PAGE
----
Vanderbilt recently announced that its financial aid initiative, “Opportunity Vanderbilt,” has provided over $1.2 billion worth of financial assistance that has benefited more than 10,000 students. This school year marks the 10th anniversary of the initiative.
CNBC recently ranked Vanderbilt as number six of the 10 best colleges for financial aid, citing Opportunity Vanderbilt as well as the school’s three signature scholarships that cover full tuition and provide a summer stipend to recipients: the Ingram, Cornelius Vanderbilt, and Chancellor’s scholarship programs. The Princeton Review ranked Vanderbilt as number one for great financial aid in 2018.
Created during the financial crisis of 2008, the goal of Opportunity Vanderbilt was to reduce the amount of aid required by potential students through the use of scholarships. The school reports that over 65% of the student merit or need-based aid through the program.
Providing aid packages to students has given students from different socioeconomic backgrounds the opportunity to attend Vanderbilt, which was a primary goal of the program.
“It was important for us to take a look at the campus and say ‘how can we make sure that we more mirror what it is outside the gates of Vanderbilt?’” said Brent Tener, Director of the Office of Student Financial Aid and Scholarships at Vanderbilt.
As Vanderbilt’s price tag has become within reach for more students, admission to the university has become increasingly more difficult. Vanderbilt reports that as the average financial aid package received by a student has grown to 40%, the percentage of admitted students representing the top 10% of their graduating class has grown to well over 90%.
Opportunity Vanderbilt does not have income cutoffs for aid as other schools have, according to the school’s website. Basing aid entirely off of parents’ income can leave families without the assistance they may need simply because they make a few dollars above a cut-off. For many applicants, income is only part of the story, according to Tener.
Financial assistance at Vanderbilt is evolving to assist students as much as possible, Tener said. He discussed a program launched this year during Thanksgiving Break to provide students in certain financial situations with meals during the holiday breaks, when they may be food insecure.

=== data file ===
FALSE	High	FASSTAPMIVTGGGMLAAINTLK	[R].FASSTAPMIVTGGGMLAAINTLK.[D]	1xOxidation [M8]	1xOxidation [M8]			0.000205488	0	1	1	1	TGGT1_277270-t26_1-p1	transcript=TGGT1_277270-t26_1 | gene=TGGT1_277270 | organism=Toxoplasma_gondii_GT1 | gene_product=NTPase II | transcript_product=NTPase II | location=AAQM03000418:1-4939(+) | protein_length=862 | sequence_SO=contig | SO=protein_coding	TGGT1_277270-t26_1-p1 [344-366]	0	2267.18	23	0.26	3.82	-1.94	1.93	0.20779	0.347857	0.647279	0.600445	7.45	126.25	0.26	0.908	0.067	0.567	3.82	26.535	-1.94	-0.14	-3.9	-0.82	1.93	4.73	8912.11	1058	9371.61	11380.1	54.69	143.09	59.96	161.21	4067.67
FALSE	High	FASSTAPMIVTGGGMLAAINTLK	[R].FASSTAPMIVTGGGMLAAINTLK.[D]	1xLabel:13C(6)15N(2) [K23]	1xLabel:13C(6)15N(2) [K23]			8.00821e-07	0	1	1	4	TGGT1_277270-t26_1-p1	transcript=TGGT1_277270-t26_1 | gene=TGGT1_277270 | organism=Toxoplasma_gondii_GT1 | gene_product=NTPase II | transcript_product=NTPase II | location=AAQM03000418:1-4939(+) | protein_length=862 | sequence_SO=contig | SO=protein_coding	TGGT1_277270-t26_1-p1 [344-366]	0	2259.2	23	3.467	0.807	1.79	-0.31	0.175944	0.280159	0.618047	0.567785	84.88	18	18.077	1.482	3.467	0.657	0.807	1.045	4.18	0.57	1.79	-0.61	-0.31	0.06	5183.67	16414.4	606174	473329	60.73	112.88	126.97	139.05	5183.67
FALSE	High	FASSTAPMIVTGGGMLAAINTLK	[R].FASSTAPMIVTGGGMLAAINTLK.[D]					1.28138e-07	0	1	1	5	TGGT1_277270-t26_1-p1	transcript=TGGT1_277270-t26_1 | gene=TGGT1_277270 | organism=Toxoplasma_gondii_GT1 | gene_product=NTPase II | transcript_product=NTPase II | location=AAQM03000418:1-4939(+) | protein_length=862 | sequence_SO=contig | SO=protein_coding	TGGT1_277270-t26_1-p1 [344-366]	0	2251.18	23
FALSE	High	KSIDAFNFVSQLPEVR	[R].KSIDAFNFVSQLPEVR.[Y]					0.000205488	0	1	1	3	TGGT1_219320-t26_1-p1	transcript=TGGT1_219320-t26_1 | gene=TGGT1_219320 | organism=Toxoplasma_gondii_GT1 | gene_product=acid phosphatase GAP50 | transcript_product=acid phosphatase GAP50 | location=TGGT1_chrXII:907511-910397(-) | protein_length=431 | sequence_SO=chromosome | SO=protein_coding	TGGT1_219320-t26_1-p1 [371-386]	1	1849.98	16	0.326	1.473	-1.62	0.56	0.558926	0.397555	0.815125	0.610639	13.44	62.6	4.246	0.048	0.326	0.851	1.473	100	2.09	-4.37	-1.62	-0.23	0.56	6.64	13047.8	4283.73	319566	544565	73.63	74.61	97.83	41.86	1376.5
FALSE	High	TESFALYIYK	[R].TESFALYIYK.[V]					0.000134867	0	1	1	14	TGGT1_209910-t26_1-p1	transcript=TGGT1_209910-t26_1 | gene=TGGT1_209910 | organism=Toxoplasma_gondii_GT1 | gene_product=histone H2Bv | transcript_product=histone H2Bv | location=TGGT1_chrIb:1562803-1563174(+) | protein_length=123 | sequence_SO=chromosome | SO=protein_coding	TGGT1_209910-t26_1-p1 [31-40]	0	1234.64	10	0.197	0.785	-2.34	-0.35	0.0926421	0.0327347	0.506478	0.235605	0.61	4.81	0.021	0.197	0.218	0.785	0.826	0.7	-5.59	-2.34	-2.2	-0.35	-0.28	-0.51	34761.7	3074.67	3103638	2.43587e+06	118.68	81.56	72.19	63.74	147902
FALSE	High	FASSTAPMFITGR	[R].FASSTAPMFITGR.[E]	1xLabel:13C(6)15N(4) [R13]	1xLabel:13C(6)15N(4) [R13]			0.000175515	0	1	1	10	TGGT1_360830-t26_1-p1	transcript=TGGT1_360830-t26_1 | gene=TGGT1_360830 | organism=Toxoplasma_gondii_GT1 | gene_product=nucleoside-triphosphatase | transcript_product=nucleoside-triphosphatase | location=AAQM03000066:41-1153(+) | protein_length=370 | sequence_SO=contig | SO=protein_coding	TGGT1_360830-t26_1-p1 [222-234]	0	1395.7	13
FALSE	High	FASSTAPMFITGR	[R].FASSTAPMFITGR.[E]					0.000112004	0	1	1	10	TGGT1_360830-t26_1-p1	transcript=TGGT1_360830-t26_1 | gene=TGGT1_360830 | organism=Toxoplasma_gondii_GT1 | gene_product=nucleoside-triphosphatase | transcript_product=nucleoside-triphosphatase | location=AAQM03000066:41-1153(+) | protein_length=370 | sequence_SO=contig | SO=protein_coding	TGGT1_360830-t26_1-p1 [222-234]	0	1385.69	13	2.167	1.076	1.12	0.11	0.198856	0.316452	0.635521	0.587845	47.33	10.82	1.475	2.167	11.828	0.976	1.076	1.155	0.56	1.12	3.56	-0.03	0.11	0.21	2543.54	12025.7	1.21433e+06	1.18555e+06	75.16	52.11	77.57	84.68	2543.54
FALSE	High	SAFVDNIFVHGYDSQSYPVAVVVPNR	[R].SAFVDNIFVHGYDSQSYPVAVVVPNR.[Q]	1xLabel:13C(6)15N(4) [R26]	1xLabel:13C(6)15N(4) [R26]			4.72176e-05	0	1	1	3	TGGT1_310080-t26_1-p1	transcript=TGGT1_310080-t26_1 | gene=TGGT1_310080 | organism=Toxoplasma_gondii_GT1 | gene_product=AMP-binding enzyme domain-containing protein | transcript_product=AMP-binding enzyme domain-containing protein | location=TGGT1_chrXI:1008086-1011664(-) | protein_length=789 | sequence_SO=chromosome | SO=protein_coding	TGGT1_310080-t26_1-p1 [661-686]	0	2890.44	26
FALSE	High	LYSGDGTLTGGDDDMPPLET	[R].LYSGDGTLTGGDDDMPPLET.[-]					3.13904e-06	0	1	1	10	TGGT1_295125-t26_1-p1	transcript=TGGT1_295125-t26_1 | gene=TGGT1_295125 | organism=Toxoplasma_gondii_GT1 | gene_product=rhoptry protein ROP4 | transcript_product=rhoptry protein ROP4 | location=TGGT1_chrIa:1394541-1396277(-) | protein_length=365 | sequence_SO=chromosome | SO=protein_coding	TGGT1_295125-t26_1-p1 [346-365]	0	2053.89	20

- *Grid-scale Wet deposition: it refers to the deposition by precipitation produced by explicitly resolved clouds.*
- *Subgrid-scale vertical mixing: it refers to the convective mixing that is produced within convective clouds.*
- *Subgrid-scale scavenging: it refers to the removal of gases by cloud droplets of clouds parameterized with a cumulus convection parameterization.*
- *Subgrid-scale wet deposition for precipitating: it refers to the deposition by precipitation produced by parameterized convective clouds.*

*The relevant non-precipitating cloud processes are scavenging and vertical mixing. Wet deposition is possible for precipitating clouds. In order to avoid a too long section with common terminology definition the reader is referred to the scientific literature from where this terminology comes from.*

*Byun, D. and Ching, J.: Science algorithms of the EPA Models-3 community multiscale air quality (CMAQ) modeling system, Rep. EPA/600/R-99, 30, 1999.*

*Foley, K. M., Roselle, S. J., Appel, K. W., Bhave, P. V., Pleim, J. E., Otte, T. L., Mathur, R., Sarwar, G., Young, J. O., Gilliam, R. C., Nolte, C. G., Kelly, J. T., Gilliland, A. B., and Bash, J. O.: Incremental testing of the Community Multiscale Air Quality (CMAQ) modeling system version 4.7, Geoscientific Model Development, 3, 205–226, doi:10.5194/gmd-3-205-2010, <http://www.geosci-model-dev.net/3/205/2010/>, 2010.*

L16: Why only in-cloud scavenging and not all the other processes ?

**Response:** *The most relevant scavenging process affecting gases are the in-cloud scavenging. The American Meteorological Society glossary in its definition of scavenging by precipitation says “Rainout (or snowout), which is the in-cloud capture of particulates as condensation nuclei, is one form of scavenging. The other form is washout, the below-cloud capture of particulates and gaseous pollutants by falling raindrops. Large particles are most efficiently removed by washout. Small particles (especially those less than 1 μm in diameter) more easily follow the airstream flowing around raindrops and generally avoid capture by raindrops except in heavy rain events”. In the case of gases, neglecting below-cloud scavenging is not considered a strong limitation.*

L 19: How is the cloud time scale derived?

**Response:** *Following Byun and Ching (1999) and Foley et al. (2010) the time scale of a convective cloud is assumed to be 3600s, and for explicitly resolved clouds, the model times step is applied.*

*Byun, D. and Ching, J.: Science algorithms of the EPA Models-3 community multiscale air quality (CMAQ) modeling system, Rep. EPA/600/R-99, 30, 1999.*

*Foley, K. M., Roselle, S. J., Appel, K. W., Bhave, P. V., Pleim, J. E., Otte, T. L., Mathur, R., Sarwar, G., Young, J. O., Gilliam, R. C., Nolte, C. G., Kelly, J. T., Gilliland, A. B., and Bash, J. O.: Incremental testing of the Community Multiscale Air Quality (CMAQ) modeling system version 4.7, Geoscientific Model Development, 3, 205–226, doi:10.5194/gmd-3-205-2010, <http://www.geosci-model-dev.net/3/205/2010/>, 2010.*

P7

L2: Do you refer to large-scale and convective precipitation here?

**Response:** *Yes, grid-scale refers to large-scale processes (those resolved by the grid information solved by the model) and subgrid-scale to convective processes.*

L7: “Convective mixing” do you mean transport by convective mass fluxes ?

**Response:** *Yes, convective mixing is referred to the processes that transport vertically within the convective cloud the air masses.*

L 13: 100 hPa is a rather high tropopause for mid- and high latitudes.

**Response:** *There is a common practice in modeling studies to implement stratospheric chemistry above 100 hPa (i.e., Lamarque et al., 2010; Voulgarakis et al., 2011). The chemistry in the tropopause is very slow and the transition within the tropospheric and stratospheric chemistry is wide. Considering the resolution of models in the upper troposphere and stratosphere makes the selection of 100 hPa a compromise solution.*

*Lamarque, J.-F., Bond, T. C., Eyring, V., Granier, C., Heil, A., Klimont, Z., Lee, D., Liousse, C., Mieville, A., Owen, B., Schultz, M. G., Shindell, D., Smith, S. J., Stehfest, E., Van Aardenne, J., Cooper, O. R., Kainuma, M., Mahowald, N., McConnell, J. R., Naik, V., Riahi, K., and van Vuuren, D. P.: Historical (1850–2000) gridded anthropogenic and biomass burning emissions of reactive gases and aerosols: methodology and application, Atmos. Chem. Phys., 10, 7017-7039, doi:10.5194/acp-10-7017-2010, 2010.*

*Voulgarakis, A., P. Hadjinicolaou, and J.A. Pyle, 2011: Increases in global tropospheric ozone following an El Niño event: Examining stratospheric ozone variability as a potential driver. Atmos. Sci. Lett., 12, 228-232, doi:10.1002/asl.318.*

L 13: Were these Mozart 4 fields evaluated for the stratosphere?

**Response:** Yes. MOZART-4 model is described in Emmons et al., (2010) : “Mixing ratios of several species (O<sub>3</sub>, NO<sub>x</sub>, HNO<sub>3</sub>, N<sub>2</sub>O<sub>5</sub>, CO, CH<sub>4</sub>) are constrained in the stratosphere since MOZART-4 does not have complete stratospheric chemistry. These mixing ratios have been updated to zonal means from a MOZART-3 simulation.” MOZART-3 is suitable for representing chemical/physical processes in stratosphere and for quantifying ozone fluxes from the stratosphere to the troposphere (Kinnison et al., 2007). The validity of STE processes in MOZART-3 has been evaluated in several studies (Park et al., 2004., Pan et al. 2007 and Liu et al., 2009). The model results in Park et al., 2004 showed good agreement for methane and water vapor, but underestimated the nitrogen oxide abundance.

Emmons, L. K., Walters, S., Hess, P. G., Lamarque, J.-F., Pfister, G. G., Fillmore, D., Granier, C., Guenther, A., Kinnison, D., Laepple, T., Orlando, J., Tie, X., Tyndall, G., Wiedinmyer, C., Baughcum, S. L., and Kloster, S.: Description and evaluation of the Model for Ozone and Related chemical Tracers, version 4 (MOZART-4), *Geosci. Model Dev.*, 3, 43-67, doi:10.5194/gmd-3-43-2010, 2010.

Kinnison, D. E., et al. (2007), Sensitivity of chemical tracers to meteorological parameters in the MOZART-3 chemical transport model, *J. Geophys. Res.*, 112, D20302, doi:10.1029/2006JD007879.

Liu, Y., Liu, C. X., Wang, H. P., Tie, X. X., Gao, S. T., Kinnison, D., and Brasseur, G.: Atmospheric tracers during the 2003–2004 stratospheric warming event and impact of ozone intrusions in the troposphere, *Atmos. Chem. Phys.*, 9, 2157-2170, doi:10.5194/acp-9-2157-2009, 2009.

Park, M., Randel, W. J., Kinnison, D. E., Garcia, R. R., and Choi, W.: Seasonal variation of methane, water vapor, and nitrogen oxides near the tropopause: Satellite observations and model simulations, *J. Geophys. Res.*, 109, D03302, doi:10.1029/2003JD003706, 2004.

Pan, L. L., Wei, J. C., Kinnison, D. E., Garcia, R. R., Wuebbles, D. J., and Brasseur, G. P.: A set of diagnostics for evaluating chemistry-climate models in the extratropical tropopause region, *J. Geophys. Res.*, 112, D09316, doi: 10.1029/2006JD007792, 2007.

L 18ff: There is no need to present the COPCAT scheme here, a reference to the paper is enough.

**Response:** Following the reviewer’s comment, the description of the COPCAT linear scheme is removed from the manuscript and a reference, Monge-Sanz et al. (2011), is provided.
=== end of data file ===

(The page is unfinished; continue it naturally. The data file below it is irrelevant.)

“We’re constantly looking for ways to make sure that we’re meeting needs of students,” said Tener.
This is one area where Genesis Allen, Chair of the Economic Inclusivity Committee for VSG, believes that Vanderbilt needs to focus on. Opportunity Vanderbilt has made people reconsider cost of attendance, but financial aid programs needs to consider extra expenses that are not included in it currently, like health care, living expenses, and meals when campus dining is not open, she said.
Despite the successes of Opportunity Vanderbilt, some students struggle to receive aid that they need from the program. First-year student Chang Kyu Jung was hesitant to apply for financial aid because for international students, the school is need-aware.
Now, with his brother entering college, his family needs the assistance from Vanderbilt in order for Jung to remain at the university. However, for international students like Jing who do not initially apply for financial aid, they should be prepared to finance their entire Vanderbilt education, according to the university’s website. If Jung does not receive financial aid from the university, he could be forced to return to Vietnam.
“It seemed like the [financial aid] office was pretty adamant at the fact that as internationals, we really don’t have any chance…of getting financial aid.” said Jung.
In light of flaws in the system, Tener is proud of the success of Opportunity Vanderbilt. He believes that it has changed what the university is currently, and what it will become in the years to come.
“Opportunity Vanderbilt fundamentally changed how we look at the institution and what it is that we want to be,” said Tener.